There were several dozen individual turkeys waiting in the freezer of the Britannia Arms but the morning’s drama was provided by the arrival of four large pallets of frozen birds emerging one by one from the frosty mist of a large delivery truck. Within minutes of the last touchdown on the parking asphalt, individual turkeys and boxes of turkeys were passed from arm to arm into the backs of cars and trucks driven by volunteers to the programs waiting to distribute them. Three cheers for the generosity of the Britannia Arms!

The Channel 7 cameraman said that they might be back to film SMUM serving a full turkey dinner to 200 homeless people under one of San Jose’s bridges – later this month.

* “The Brit Almaden is your authentic neighborhood San Jose British Pub, restaurant, live music venue and Sports bar.”

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Images Copyright 2010 by Katy Dickinson and John Plocher

Downtown Ice opens

A tradition for the past 15 years, Downtown Ice has returned to the circle of palms near the San Jose Museum of Art. The rink will be open from tonight until mid-January. A grand opening ceremony featuring Olympian Kristi Yamaguchi will be held Monday, November 22, at 5 pm. Yamaguchi’s Always Dream Foundation is a co-sponsor of the ice rink this year.

Despite a sprinkling of rain, a few brave families were out on the opening night to take to the ice. Most of the kids on the ice were still learning to keep their skates underneath them, but I’m sure they’ll be zipping around the palms by the end of the season.

Roosevelt Radio at the Cupertino Brit

San Francisco-based indie rock newcomers Roosevelt Radio will open Saturday night’s playbill at the Cupertino Britannia Arms with “punchy, high-energy indie rock” (I’d say borderline pop) with “irresistible synth lines”. The sound on their video “Midnight” (see below) is snappy and the lyrics are catchy. But I might prefer the raw energy and what sounds like Elvis Costello-influenced opening bars and chorus of the Antique Heart live video, even if the recording sound is nothing to shout about.

[youtube]http://www.youtube.com/watch?v=LcE1nyijPdo&NR=1[/youtube]

Roosevelt Radio has also just released an EP, which you can find on their website.

Other bands appearing on Saturday night are The Cryptics, Everyday Tragedy, and Cadent.

  • When: Saturday, Nov 20, 9 pm – ????
  • Where: The Britannia Arms of Cupertino, 1087 S. De Anza Blvd., San Jose CA
  • How much: $5
  • For who: 21 and over

San Jose loses its champion pro sports team

As reported by Center Line Soccer, a mere two months after winning the championship of the Women’s Professional Soccer (WPS) league, San Jose’s FC Gold Pride will cease operations for financial reasons. The team’s private owners had sought a buyer for the club, but were unable to find anyone willing to support likely million-dollar-per-year losses. The team apparently lost about $5 million in the two years it played. The WPS is expected to announce the league will continue in the 2011 season, despite the loss of its top team.

Keep an eye on Center Line Soccer for further details about the fate of the team and its players.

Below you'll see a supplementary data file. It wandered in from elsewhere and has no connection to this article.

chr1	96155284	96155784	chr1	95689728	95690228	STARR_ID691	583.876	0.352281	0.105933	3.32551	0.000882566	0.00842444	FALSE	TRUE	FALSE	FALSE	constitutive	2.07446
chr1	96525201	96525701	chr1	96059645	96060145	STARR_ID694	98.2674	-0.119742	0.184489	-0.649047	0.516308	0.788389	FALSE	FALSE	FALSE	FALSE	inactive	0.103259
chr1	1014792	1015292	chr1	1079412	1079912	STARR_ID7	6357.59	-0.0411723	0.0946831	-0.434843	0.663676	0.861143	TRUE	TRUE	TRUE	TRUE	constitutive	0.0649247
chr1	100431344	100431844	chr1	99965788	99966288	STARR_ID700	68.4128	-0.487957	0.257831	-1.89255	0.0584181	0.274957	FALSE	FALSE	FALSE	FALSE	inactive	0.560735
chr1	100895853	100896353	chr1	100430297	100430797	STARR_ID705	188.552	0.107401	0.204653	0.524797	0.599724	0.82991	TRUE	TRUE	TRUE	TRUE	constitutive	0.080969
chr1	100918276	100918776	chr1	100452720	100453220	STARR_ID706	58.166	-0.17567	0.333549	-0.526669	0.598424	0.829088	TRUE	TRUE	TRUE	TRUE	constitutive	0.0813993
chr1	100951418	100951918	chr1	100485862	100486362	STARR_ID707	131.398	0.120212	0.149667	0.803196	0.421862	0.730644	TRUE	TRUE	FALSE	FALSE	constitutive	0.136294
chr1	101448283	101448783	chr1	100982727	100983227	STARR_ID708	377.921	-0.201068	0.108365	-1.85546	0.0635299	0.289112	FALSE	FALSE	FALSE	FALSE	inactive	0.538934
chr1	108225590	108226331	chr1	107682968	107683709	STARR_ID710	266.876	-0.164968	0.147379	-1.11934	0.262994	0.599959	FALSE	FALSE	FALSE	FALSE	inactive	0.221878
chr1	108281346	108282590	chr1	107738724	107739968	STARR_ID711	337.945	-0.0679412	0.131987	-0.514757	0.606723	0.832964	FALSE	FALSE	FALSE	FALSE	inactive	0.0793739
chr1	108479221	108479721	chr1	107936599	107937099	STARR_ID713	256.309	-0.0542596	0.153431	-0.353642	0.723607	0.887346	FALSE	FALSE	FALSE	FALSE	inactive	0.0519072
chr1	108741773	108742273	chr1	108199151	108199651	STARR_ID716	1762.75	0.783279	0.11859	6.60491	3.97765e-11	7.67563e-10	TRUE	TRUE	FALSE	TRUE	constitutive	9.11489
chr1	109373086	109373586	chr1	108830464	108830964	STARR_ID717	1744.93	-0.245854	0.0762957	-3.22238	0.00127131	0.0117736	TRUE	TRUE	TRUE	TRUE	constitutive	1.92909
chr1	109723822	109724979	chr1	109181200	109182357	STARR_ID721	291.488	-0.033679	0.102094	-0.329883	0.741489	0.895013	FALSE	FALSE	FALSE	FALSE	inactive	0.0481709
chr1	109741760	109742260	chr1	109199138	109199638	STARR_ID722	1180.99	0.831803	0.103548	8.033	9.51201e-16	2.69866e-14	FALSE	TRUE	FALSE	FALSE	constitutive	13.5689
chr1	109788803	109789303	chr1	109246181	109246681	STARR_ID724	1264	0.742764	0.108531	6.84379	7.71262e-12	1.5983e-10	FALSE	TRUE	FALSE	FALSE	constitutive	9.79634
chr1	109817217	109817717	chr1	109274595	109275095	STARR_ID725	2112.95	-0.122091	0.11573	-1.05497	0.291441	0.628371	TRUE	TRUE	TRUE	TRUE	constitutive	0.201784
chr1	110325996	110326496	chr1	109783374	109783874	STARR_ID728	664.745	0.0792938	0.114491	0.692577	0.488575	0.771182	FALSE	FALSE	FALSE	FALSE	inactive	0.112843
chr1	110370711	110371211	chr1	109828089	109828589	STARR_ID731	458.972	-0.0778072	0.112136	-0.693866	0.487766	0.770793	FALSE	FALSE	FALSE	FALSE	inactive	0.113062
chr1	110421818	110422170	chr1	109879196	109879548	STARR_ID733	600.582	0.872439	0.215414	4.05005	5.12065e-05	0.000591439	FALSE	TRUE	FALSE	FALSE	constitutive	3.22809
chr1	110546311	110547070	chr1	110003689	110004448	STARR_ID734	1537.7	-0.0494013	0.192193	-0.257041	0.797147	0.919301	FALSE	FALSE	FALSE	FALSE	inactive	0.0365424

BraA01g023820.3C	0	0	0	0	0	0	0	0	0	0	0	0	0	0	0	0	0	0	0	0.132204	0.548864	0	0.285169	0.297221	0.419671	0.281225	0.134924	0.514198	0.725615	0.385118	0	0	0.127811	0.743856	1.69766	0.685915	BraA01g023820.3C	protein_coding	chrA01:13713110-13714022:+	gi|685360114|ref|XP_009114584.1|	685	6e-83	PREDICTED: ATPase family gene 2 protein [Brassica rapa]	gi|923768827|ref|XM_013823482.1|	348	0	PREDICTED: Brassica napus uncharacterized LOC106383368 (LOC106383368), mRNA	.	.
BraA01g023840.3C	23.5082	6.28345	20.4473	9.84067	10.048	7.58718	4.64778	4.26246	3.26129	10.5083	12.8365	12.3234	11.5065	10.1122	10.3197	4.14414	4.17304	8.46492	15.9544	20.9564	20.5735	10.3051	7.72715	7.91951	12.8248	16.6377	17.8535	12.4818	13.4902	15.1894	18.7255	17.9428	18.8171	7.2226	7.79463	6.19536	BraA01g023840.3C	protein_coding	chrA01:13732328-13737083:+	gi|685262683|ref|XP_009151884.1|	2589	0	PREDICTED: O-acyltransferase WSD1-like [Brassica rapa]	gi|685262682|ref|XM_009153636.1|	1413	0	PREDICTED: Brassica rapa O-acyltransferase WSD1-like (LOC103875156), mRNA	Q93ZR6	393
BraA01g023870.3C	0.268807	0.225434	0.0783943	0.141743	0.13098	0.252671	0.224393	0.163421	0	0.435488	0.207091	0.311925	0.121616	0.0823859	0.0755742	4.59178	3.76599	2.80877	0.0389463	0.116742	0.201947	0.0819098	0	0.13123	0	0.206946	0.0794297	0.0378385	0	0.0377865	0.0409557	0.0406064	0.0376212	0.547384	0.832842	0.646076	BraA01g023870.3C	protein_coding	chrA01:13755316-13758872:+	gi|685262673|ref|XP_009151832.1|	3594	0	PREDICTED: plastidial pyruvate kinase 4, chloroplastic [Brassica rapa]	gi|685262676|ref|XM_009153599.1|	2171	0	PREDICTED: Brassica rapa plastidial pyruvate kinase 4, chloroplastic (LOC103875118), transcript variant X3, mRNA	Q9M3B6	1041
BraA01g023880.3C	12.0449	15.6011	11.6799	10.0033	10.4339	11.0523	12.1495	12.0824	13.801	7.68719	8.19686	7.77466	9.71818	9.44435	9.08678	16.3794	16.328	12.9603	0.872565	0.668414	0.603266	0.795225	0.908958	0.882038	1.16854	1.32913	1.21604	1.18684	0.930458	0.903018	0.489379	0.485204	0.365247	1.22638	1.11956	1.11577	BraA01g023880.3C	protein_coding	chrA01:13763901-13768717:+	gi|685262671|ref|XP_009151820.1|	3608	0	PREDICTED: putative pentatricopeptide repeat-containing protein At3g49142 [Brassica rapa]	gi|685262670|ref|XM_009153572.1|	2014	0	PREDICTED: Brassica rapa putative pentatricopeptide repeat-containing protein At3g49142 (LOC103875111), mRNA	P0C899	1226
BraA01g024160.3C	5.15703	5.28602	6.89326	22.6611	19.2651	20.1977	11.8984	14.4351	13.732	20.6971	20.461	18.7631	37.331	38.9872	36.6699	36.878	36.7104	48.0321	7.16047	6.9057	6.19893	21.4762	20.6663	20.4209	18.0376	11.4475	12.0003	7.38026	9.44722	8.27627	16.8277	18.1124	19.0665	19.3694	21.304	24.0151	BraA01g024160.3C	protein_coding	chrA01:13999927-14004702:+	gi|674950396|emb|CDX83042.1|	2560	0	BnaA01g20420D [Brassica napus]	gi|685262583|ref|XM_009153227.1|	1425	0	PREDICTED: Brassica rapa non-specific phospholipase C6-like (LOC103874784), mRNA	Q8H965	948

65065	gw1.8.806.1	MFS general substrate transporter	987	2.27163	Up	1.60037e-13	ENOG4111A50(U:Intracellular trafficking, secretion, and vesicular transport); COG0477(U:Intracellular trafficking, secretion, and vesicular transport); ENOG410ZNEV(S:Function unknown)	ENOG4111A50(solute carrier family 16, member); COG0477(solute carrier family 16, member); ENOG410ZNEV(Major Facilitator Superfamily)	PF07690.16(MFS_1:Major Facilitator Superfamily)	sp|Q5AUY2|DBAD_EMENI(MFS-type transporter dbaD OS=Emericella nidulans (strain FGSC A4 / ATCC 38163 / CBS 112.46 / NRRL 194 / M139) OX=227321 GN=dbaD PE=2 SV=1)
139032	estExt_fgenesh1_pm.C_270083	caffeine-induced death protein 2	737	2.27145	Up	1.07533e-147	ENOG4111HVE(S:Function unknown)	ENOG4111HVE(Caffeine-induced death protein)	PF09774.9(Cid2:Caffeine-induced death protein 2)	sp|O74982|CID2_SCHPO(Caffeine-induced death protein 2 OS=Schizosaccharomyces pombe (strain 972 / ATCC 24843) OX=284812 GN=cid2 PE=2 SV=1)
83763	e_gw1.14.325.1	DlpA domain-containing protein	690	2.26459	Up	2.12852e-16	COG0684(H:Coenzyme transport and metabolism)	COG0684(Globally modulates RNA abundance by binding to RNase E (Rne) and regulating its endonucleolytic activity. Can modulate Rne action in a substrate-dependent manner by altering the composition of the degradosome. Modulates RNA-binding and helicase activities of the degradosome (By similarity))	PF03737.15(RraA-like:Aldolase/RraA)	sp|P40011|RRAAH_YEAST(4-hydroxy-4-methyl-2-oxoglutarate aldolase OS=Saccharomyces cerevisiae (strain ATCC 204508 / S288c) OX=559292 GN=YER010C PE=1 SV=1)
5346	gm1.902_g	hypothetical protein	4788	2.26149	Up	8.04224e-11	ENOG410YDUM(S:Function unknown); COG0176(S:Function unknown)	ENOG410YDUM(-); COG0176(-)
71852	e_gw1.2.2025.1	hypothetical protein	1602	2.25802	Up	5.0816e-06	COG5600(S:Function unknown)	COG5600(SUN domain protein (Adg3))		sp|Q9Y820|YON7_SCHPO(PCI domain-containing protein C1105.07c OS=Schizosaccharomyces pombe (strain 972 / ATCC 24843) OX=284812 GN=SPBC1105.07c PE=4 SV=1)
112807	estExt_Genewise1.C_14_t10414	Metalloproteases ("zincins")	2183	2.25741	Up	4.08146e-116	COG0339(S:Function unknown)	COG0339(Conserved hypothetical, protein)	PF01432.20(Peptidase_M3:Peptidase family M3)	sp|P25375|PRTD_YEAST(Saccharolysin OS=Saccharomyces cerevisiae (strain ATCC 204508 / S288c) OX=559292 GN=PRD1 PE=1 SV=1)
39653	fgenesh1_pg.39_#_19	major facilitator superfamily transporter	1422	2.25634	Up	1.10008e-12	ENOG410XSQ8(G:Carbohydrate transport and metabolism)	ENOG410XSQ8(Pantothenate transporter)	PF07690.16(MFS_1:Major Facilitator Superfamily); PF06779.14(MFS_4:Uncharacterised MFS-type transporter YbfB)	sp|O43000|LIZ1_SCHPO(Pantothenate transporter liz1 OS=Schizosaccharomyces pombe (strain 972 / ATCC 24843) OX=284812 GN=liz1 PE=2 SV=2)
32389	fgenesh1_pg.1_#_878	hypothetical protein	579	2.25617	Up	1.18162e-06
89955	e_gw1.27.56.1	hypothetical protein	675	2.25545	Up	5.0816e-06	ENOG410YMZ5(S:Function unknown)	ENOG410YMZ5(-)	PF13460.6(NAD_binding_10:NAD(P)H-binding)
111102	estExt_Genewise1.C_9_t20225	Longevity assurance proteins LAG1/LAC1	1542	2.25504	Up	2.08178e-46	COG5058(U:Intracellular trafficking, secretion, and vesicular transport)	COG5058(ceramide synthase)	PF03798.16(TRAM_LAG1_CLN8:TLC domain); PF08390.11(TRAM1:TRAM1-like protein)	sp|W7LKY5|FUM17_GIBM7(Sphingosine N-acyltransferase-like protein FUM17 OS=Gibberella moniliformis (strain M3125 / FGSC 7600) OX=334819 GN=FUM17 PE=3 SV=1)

The Opera Novice goes to TOSCA

But this time I took a friend who was more familiar with opera!  And she thought it was beautiful.

Jouvanca Jean-Baptiste as the fiery opera diva in Puccini's passionate, political thriller Tosca at Opera San José. Photo by Chris Ayers

The story of Tosca is a tragedy of grand proportions:  there are tortured political prisoners, executions, shattered romances, and the tragic death of almost every major character.  Even the set designs are dark and gloomy, though still rich and sumptuous.  But to me, the novice, it seemed that this opera was much more about the singing and the music than the story.  While this might be good news for the seasoned opera lover, it was a little difficult for me to pay attention.  My loss, absolutely.

But there is nothing about Tosca to complain about.  The music really was beautiful, perfection as always at Opera San Jose, and the singing too was amazing.  This was my first time seeing Jouvanca Jean-Baptiste (Tosca) in a role and she was certainly a treat.  Her huge expressive eyes made her appear vulnerable and childlike, however Tosca really was anything but.  I loved her voice and the petulant way she directed her lover to repaint the eyes of a portrait on the church wall.  Jean-Baptiste also gives Tosca a certain ferocious quality, and a will to get done whatever is required.  Tosca is quite the tragic heroine.

I thought the singing and music were beautiful as well, but Tosca might be less newbie-friendly than my previous two operas.  It is slightly less exciting or overtly entertaining.  On the other hand, it seemed the audience of opera aficionados was much happier with Tosca than with the previous two operas.  My guest, the opera-lover, was overjoyed to finally see this opera, but I was just not so excited about this one as I have been with the others.  Both of these summations can be correct.

My recommendation for this one:  Opera fans should absolutely go see it!  The knowledgeable opera critics I have read appear to love it and as far as my untrained ear could tell it was fabulous.  My fellow Opera Newbies might want to wait for the next show:  The Barber of Seville. I am sure that one will be a delight for us all!  (But don’t let me stop you — go see it and report back your own opinion!)

Tosca
by Giacomo Puccini
Libretto by Giuseppe Giacosa and Luigi Illica
Based on the drama
La tosca by Victorien Sardou
Sung in Italian with English supertitles
November 13 – 28, 2010
California Theatre

345 South 1st Street, San Jose
Ticketing Information

Karaoke Tuesdays

DON

Every Tuesday night something completely different happens at The California Billiard Club.

Players and non players alike can choose a song title out of the book and then give the Karaoke a try.

Two players, Don and Dan, put down their cues long enough to entertain the room.

DAN

The California Billiard Club
881 E. El Camino Real, Mountain View, CA
Telephone: (650) 965-3100

Karaoke Tuesdays – 9 PM Start

+

Coors Light Draft – $2.50 (4 PM till 12 AM)

College Students 1/2 off Pool Time (6 PM till 2 AM)

All on Tuesdays !